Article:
Back in 2012, the nation’s first drive-thru cannabis dispensary opened for business in a small town in Oregon. Today, the idea has spread, and cannabis drive-thrus can now be found in eight states from coast to coast. However, while cannabis itself might be one of the less-polarizing social issues of the moment, they’re still attracting plenty of criticism.
Opponents of legal cannabis may be shrinking in number, but many of them still hold powerful positions, and the backlash against legalization has come in many forms. While some, like former New York Times reporter Alex Berenson, have restricted their efforts to penning scathing books and op-eds, others have taken more drastic measures — like the city council of Portland, Oregon, who voted unanimously to pre-emptively ban cannabis drive-thrus within the city limits.
While opponents worry about rising crime rates and traffic accidents, proponents of drive-thru cannabis dispensaries tout their improved accessibility, especially for medical cannabis patients with mobility issues, and say that fears of robberies or gang violence are inspired more by ‘War on Drugs’-era propaganda than observable facts.
On one hand, supporters of drive-thrus say that they are a necessary measure to make vital medications accessible to the patients who need them. As Joe Lusardi, CEO of the nation’s largest dispensary chain, said after his company opened their latest drive-thru dispensary near Miami, “Understanding that many of our patients live with debilitating conditions that may impact mobility we are proud to now offer our premium-quality medical marijuana products through online orders that may be fulfilled via our drive-thru or free delivery service.” For people with issues like multiple sclerosis, this isn’t simply a matter of convenience — it’s a fundamental necessity.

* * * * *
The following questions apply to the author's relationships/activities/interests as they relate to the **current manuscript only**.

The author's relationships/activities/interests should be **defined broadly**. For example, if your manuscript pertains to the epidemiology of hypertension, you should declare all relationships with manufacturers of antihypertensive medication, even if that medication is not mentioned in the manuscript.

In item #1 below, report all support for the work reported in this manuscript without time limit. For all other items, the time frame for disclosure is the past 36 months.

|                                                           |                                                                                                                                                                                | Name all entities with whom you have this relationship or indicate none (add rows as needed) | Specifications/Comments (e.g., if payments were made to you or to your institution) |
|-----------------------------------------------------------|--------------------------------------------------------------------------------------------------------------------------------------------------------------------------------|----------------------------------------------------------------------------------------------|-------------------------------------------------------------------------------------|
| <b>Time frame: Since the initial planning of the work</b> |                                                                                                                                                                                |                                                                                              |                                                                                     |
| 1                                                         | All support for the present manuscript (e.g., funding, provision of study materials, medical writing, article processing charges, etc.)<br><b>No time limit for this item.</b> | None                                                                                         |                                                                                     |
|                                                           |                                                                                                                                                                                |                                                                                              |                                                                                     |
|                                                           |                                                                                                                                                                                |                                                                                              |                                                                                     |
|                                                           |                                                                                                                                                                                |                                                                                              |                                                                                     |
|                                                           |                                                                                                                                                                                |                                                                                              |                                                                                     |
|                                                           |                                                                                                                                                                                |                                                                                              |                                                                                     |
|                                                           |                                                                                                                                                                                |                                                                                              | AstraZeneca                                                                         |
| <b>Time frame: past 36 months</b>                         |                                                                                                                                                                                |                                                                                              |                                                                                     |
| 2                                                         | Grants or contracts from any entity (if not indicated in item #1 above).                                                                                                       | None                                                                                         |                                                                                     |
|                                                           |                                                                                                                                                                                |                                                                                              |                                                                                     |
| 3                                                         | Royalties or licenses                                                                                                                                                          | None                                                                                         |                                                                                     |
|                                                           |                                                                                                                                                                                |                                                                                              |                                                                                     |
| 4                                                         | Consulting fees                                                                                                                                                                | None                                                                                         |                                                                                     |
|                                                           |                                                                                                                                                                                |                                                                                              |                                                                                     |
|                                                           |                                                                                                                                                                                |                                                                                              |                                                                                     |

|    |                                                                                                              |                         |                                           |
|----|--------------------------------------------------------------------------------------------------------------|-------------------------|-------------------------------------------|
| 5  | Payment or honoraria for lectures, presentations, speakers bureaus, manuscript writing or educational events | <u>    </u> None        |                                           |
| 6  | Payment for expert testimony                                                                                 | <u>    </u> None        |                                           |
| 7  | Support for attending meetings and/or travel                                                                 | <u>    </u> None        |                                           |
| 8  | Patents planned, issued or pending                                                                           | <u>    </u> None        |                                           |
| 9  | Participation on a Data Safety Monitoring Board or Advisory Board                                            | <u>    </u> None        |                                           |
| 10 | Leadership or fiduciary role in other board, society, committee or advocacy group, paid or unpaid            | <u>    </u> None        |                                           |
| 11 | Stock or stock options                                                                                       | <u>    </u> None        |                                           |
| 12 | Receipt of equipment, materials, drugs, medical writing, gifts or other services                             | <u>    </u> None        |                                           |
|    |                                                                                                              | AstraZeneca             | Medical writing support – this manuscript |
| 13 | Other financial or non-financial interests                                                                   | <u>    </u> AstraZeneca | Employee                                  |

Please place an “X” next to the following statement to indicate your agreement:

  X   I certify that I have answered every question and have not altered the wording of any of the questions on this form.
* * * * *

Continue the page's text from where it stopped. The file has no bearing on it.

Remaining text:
Other advocates point to the present acceptance of another once-controversial type of drive-thru: those that sell liquor. In fact, when Maine decided to legalize cannabis, its advisory committee pointed to this exact example when making its case for permitting dispensaries to offer drive-thru windows. With many dispensary owners struggling to compete against illegal dealers, making it easier for people to get the cannabis they need is crucial for luring them away from the black market, according to supporters.
The argument against cannabis drive-thrus, on the other hand, is focused on the idea that it could lead to a spike in driving accidents. It’s not an entirely unreasonable fear — according to a recent Colorado survey, 69 percent of cannabis users in the state have driven under the influence in the last year, and 27 percent do so on an almost-daily basis. There is a general, (and mistaken) assumption that driving while high “is no big deal,” in the words of Jonathan Adkins, executive director of the Governor’s Highway Safety Association, but studies have shown that cannabis use can severely impair a driver’s coordination and reaction times.
Law enforcement organizations have previously voiced concern about cannabis users driving under the influence, as the lack of effective field sobriety tests means they’re poorly equipped to deal with intoxicated drivers. According to opponents of drive-thrus, granting drivers easier access to cannabis could make this problem even more severe.
However, it’s unclear how removing the need for people to exit their vehicles when purchasing cannabis would actually increase the number of stoned drivers on the road. Critics of cannabis drive-thrus tend to be critical of cannabis in general, and opposing any further normalization of the plant is a logical position for them to hold.
At the same time, current trends are not in their favor, and it seems that before long cannabis drive-thrus may become as commonplace as those for liquor, hamburgers, or ice cream cones.